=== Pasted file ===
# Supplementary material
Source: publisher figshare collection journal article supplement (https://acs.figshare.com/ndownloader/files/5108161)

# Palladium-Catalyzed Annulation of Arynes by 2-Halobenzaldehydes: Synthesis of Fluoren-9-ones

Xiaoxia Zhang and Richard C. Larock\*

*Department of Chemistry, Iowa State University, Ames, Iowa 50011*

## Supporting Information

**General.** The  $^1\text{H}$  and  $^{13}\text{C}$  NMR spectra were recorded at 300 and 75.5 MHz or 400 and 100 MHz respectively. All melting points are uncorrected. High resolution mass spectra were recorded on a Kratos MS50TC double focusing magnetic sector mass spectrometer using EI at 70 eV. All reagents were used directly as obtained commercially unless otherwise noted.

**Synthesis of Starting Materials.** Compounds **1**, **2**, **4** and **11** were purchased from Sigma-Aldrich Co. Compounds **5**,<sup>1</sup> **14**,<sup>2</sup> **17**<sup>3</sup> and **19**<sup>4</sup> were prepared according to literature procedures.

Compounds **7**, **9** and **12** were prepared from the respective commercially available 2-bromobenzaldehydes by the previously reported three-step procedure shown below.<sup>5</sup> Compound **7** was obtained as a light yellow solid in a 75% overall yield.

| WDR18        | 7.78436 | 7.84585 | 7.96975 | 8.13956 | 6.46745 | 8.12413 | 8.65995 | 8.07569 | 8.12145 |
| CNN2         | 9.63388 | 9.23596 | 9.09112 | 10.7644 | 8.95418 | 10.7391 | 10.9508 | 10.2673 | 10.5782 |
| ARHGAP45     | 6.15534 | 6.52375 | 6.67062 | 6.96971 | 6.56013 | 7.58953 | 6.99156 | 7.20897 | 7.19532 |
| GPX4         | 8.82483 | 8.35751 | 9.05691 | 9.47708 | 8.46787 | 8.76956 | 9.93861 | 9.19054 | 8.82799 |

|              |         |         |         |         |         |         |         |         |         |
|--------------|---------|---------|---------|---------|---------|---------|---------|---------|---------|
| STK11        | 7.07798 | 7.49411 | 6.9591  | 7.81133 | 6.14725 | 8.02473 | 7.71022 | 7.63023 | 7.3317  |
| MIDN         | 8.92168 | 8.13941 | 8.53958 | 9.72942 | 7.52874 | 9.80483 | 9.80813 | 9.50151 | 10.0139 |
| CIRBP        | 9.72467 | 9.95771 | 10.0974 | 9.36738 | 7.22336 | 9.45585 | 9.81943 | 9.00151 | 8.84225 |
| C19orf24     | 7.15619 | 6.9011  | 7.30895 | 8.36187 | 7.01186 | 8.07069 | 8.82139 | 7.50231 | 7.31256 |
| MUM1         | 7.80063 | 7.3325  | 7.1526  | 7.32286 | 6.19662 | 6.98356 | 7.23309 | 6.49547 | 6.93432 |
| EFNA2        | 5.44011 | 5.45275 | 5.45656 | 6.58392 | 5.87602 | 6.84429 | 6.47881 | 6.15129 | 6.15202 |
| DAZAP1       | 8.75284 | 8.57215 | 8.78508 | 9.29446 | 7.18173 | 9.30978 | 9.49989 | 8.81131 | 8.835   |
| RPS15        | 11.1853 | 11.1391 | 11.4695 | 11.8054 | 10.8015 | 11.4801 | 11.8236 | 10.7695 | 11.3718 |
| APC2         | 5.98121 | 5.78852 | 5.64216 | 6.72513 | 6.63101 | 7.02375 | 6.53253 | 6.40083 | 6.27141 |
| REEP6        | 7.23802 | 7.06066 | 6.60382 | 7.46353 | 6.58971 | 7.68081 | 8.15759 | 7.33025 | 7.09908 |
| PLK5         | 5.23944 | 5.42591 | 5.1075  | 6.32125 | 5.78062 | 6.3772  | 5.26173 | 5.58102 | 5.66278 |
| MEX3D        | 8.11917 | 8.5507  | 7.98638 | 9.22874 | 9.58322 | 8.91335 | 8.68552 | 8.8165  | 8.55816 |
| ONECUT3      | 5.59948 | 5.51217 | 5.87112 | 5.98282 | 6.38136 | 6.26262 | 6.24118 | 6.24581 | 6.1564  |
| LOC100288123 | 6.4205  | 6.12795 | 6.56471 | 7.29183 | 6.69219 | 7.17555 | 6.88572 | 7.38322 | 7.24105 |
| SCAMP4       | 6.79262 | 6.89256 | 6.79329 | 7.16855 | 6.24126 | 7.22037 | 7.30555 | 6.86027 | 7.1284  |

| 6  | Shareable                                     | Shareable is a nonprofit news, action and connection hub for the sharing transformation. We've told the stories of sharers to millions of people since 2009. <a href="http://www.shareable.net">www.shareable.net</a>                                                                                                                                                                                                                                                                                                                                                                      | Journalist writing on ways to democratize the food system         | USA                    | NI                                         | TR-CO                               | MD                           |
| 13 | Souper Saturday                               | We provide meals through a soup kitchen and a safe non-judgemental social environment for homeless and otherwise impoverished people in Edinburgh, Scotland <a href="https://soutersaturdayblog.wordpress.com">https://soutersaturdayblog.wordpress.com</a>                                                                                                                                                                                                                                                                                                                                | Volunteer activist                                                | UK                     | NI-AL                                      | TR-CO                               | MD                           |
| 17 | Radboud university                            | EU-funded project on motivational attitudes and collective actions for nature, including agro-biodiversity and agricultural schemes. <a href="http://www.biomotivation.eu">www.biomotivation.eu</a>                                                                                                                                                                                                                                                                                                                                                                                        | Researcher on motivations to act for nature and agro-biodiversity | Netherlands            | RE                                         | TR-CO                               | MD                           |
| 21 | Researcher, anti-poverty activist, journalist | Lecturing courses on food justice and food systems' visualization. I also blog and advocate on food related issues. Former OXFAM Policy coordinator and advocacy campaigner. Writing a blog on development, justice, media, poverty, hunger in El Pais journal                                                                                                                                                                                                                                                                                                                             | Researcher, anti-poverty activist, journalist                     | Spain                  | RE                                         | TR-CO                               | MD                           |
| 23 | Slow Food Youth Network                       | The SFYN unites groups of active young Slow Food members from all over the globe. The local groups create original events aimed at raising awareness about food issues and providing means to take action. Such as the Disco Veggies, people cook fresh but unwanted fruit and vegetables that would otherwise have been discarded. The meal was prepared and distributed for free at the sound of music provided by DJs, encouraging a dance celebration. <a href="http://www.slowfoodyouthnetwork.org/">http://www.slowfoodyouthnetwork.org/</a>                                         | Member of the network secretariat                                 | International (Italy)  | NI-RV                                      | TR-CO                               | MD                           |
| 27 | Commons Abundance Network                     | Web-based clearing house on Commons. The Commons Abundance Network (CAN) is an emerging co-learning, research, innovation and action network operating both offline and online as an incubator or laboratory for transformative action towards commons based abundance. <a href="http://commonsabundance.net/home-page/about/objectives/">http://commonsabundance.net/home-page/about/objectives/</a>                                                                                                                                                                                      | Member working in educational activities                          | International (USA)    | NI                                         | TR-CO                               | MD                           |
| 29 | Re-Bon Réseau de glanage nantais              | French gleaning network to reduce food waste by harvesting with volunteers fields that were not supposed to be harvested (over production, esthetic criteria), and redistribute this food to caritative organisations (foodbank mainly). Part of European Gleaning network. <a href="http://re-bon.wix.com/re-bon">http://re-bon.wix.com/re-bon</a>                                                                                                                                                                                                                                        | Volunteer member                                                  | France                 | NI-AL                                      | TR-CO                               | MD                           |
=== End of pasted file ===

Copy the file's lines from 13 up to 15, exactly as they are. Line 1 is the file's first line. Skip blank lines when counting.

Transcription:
| GPX4         | 8.82483 | 8.35751 | 9.05691 | 9.47708 | 8.46787 | 8.76956 | 9.93861 | 9.19054 | 8.82799 |

|              |         |         |         |         |         |         |         |         |         |
|--------------|---------|---------|---------|---------|---------|---------|---------|---------|---------|